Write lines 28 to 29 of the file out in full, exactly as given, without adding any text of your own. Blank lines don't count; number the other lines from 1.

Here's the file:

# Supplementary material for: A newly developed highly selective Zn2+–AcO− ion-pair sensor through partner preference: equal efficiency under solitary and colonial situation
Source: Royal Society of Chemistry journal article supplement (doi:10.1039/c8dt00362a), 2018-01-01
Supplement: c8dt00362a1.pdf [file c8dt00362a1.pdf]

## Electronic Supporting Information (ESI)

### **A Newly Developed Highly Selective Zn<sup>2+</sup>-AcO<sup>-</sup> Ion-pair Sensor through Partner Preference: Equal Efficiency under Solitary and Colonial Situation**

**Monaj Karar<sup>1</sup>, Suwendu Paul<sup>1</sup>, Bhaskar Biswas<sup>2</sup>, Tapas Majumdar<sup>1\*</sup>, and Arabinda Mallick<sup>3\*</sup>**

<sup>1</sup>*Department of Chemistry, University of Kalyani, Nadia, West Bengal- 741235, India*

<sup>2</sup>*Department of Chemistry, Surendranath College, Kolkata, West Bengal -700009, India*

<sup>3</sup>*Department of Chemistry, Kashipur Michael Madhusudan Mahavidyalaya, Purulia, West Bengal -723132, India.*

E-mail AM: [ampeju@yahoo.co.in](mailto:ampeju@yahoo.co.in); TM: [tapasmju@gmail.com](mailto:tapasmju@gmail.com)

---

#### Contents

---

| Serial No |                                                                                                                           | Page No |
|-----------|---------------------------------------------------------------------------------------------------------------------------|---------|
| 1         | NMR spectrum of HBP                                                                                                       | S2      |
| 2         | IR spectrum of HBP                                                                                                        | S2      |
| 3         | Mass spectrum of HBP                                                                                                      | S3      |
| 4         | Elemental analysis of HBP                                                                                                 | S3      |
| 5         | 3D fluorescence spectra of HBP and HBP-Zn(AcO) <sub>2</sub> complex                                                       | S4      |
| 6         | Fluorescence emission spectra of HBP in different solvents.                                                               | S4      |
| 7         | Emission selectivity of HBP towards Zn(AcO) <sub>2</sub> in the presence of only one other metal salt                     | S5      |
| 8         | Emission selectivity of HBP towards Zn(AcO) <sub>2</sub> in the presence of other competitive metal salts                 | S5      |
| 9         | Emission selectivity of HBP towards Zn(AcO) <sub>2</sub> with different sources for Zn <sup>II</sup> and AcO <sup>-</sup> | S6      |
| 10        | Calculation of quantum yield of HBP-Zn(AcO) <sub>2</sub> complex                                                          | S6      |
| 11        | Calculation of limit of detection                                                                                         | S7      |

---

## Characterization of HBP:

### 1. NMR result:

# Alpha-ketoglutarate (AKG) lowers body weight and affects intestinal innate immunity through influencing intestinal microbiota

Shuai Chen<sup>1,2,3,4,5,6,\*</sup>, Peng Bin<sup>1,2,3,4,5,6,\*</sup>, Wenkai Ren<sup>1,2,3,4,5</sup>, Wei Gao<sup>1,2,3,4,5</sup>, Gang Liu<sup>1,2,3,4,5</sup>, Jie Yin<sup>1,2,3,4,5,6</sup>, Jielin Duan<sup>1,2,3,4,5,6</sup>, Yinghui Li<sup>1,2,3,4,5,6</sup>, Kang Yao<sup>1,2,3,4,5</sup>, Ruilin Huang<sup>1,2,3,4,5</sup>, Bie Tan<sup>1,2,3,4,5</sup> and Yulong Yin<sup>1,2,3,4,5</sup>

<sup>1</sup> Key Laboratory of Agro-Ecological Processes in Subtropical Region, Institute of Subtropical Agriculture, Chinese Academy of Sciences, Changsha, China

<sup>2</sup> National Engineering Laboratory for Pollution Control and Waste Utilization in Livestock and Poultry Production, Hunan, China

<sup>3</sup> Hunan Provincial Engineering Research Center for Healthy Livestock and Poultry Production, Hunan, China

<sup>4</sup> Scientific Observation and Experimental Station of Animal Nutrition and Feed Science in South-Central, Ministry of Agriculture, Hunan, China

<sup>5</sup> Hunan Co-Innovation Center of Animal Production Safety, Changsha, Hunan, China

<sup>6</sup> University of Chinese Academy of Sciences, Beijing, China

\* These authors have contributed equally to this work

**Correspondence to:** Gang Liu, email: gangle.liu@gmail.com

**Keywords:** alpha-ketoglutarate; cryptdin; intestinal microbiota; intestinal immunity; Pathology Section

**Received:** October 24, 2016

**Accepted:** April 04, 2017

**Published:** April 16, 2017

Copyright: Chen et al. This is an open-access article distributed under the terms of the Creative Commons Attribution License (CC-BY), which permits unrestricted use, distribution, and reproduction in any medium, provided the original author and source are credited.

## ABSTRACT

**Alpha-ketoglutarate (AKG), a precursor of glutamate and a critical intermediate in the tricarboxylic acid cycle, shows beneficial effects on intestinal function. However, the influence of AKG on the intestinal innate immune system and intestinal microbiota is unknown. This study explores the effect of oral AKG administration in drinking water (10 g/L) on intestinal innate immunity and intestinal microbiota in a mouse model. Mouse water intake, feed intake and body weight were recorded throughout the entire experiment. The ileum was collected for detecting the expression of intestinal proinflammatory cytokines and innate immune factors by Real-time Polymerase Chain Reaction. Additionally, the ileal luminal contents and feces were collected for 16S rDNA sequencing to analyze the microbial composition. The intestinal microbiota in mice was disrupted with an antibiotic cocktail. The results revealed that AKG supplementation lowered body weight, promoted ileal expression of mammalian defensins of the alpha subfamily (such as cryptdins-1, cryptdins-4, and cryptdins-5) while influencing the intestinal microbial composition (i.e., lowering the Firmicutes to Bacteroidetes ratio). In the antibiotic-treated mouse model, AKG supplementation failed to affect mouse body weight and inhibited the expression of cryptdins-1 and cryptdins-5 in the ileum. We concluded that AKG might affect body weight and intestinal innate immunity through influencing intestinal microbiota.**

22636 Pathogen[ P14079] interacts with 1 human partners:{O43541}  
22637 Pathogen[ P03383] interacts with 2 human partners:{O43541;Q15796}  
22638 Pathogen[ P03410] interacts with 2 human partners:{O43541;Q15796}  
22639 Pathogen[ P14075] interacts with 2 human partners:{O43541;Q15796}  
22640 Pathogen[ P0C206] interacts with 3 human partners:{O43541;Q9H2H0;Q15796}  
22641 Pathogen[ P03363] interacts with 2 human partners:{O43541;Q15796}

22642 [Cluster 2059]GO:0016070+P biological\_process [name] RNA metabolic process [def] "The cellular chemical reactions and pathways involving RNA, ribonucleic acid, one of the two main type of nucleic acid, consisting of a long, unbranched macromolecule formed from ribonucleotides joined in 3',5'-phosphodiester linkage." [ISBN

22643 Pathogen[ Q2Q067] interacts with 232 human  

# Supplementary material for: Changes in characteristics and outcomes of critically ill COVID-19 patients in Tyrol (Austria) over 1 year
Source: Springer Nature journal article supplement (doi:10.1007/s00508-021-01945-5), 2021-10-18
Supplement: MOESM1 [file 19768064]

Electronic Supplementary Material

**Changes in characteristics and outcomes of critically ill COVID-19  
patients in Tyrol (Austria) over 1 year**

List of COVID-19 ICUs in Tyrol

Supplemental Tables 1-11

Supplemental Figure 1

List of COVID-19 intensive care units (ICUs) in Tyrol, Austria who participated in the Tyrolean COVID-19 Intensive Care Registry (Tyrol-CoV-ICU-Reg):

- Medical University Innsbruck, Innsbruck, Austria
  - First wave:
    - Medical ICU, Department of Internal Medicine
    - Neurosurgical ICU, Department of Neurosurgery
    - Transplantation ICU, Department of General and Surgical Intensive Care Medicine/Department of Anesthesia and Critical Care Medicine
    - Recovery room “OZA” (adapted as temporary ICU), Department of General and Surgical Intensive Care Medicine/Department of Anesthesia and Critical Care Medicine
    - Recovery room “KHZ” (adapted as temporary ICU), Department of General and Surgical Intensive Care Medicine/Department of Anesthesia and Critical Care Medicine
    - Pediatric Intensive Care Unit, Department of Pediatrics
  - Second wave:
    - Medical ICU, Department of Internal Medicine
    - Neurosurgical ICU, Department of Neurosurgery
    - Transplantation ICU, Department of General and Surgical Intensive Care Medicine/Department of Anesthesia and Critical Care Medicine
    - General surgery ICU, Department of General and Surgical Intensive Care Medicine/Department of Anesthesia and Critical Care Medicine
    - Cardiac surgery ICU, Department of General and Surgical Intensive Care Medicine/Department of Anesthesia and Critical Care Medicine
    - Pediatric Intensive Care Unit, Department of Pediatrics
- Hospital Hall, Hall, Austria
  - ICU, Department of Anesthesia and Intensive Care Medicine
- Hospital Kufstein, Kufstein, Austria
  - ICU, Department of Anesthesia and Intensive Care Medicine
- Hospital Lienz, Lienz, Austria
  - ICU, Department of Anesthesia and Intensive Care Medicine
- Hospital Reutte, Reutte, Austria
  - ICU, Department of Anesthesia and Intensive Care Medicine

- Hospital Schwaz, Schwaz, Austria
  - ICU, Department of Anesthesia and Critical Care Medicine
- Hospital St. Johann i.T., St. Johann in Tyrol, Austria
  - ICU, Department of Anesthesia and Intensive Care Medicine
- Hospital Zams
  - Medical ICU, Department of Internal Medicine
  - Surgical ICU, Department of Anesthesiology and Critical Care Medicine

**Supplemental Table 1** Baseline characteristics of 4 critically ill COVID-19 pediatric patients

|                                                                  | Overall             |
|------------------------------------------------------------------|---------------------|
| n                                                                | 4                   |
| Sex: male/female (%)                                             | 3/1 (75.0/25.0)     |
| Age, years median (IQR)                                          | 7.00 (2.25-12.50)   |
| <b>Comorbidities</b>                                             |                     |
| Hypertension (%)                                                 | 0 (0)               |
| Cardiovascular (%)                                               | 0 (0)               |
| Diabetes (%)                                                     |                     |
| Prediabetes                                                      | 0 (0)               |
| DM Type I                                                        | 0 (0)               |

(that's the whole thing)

## Characterization of HBP:

### 1. NMR result: